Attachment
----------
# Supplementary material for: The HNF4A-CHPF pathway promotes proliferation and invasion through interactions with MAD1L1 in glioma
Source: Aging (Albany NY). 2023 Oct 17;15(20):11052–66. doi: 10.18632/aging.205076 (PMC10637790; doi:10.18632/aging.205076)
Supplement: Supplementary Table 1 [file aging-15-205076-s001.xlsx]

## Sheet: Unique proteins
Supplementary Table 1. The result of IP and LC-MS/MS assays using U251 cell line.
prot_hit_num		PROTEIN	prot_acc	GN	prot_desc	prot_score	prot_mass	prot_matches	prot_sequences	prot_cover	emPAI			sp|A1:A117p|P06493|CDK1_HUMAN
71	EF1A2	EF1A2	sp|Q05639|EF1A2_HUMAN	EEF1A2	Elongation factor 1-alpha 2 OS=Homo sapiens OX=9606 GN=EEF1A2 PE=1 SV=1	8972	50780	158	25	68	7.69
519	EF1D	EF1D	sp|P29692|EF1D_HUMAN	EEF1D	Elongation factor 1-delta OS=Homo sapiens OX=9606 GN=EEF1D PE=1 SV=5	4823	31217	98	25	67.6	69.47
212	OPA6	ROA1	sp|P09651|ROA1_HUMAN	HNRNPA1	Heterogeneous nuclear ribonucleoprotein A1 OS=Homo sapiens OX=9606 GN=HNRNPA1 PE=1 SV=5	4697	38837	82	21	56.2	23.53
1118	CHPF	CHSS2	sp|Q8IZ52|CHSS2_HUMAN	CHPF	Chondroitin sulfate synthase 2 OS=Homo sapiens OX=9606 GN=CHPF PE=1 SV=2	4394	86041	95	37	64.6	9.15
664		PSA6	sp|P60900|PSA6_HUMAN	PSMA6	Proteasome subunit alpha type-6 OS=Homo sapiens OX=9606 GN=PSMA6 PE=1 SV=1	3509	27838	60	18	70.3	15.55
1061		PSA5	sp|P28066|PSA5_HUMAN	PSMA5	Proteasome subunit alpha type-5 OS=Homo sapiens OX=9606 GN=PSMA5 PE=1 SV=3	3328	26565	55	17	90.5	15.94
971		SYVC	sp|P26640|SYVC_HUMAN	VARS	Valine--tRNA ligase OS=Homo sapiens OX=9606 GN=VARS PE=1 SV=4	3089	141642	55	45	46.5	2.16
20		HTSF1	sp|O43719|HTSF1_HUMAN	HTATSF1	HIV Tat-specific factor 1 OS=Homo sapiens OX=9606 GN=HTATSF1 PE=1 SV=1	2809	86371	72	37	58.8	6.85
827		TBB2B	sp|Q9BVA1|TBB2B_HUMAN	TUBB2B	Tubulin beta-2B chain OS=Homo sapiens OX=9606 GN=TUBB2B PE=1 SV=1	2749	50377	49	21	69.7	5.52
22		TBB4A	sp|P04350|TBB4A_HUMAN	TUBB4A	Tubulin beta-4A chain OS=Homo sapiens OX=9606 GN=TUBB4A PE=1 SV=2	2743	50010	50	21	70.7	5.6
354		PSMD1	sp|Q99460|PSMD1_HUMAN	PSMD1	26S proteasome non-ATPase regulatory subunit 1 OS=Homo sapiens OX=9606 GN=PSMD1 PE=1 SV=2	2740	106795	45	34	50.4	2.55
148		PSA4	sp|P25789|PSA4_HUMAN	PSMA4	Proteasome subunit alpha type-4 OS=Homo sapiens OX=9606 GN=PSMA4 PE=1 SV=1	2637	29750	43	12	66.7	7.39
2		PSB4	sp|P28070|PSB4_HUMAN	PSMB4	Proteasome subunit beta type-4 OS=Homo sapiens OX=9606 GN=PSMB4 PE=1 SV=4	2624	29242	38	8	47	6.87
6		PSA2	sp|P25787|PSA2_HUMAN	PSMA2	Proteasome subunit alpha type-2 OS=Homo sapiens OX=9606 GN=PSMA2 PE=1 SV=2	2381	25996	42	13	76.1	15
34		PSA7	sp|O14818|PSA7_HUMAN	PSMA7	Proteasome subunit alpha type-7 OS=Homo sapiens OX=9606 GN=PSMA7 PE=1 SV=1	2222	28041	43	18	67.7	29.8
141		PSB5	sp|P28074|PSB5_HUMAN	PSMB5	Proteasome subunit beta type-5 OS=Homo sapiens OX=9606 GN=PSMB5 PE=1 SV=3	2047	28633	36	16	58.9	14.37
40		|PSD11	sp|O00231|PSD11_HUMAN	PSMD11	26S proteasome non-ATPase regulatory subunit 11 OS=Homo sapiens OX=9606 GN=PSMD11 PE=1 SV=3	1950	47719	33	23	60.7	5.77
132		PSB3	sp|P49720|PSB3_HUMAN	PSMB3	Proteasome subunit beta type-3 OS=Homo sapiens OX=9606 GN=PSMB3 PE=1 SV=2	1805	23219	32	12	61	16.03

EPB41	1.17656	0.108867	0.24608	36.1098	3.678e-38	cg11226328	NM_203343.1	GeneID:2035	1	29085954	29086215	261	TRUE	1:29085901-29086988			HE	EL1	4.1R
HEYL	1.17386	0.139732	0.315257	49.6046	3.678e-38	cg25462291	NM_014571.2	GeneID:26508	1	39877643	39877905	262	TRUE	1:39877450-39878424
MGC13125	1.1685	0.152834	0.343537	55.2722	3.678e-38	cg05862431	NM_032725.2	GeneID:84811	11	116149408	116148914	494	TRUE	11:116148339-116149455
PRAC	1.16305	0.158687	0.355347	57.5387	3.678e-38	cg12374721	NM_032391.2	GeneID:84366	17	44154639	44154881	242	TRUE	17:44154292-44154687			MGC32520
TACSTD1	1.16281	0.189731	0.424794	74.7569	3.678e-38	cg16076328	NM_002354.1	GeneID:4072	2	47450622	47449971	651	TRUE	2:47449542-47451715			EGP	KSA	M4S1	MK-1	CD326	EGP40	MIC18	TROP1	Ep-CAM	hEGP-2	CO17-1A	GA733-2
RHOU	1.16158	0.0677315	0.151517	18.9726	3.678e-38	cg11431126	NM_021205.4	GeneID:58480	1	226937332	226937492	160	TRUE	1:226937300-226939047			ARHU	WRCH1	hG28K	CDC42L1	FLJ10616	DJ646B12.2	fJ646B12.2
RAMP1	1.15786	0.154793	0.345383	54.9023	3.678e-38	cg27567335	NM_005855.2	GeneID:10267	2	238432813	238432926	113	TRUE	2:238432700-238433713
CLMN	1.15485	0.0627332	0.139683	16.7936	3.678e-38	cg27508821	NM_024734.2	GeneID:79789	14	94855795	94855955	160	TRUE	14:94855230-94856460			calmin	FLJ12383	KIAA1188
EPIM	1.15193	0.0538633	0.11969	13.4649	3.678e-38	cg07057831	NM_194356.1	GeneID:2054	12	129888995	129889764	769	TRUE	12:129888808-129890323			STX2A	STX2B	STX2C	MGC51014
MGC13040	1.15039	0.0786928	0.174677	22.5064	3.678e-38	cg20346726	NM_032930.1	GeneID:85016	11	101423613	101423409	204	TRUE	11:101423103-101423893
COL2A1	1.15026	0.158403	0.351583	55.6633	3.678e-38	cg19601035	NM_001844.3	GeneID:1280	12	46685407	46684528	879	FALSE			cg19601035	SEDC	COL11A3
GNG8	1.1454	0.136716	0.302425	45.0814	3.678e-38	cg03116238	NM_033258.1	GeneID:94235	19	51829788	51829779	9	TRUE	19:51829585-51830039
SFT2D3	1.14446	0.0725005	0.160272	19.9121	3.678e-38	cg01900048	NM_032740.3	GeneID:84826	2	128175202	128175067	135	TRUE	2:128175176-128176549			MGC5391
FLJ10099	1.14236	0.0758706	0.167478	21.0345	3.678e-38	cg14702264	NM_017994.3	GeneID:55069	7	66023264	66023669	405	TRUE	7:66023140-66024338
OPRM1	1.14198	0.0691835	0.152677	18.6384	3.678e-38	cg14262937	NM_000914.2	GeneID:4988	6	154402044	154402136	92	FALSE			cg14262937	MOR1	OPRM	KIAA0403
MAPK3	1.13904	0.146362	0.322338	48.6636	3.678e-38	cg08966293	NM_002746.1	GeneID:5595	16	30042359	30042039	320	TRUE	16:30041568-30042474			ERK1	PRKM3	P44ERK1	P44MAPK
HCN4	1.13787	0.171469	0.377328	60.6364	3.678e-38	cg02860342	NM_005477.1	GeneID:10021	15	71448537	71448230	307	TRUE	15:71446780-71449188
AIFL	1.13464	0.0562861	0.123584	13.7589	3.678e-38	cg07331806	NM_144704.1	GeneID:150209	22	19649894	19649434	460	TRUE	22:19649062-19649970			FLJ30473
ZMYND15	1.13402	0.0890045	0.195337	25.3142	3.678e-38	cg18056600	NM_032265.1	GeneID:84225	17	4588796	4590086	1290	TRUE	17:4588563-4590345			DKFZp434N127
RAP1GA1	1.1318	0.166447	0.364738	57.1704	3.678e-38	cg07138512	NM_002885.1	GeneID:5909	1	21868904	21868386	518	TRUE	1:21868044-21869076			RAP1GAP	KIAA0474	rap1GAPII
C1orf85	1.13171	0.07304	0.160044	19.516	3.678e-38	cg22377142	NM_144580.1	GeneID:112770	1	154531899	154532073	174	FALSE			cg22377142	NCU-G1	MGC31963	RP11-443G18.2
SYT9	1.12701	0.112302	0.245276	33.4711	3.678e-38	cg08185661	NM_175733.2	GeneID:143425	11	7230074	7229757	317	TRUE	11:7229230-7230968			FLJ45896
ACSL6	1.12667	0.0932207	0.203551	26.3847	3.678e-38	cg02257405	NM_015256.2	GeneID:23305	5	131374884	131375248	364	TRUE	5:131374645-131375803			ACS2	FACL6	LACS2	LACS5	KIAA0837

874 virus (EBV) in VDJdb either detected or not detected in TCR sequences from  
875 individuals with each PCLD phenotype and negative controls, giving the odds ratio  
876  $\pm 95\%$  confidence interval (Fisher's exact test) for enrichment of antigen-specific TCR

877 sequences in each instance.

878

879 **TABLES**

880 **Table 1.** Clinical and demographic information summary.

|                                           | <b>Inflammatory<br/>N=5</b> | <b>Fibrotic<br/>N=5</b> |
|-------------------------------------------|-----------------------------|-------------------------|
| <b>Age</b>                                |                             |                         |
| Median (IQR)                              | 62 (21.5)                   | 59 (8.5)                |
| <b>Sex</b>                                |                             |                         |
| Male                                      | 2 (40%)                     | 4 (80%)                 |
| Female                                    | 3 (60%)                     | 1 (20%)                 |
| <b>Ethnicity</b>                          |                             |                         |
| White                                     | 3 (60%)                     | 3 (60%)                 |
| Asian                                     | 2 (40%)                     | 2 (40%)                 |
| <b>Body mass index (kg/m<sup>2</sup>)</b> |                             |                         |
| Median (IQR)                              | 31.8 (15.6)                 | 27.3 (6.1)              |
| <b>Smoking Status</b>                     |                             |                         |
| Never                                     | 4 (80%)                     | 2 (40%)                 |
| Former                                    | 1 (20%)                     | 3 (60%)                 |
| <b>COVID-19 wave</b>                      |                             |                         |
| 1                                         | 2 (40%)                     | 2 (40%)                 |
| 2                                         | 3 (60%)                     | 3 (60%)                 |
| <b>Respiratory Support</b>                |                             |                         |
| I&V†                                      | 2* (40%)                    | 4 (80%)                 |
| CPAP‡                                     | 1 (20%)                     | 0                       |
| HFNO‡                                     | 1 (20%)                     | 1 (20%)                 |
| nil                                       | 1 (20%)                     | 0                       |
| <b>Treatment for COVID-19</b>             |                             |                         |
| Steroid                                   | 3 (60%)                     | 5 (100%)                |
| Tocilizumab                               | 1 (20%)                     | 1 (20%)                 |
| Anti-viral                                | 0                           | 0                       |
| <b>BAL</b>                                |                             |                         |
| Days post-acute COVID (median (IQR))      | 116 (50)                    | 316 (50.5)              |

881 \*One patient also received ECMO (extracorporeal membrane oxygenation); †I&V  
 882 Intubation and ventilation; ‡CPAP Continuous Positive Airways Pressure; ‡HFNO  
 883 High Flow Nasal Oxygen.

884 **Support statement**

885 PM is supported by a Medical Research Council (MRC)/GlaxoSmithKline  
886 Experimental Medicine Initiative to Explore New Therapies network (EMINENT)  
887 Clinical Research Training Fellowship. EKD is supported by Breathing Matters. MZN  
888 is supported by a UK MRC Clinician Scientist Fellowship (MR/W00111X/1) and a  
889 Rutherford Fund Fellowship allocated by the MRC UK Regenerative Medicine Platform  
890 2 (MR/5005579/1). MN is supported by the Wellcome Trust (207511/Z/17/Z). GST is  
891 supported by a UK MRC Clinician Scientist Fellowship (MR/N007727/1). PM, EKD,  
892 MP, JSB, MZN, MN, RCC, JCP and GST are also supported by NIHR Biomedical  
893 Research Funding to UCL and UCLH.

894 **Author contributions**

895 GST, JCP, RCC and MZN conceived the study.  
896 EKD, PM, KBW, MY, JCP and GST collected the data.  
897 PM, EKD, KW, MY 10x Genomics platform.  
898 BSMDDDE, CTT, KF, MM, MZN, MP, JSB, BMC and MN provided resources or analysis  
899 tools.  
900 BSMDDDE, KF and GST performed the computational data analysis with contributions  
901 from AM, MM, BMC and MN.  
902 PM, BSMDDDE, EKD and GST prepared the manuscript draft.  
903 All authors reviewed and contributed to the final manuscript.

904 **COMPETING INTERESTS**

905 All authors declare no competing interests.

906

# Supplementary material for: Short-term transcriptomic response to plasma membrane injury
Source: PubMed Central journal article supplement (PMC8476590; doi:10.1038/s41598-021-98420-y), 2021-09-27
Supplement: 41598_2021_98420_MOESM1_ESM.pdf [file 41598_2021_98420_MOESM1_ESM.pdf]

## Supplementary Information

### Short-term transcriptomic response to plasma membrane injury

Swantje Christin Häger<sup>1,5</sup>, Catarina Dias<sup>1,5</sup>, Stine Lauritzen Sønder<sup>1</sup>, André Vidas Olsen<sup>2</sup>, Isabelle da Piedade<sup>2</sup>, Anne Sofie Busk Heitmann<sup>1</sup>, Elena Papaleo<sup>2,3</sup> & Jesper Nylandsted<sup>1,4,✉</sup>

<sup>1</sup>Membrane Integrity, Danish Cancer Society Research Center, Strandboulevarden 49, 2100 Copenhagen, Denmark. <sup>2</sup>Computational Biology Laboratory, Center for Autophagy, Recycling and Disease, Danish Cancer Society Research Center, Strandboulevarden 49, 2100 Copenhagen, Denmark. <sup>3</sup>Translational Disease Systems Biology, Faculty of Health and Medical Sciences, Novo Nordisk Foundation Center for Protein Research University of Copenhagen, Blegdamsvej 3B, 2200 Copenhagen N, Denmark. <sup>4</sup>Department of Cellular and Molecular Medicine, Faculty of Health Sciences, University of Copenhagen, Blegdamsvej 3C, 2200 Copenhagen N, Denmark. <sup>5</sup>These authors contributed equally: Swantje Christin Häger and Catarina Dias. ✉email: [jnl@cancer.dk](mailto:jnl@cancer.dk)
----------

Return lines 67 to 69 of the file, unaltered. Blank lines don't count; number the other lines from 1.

| <b>Smoking Status</b>                     |                             |                         |
| Never                                     | 4 (80%)                     | 2 (40%)                 |
| Former                                    | 1 (20%)                     | 3 (60%)                 |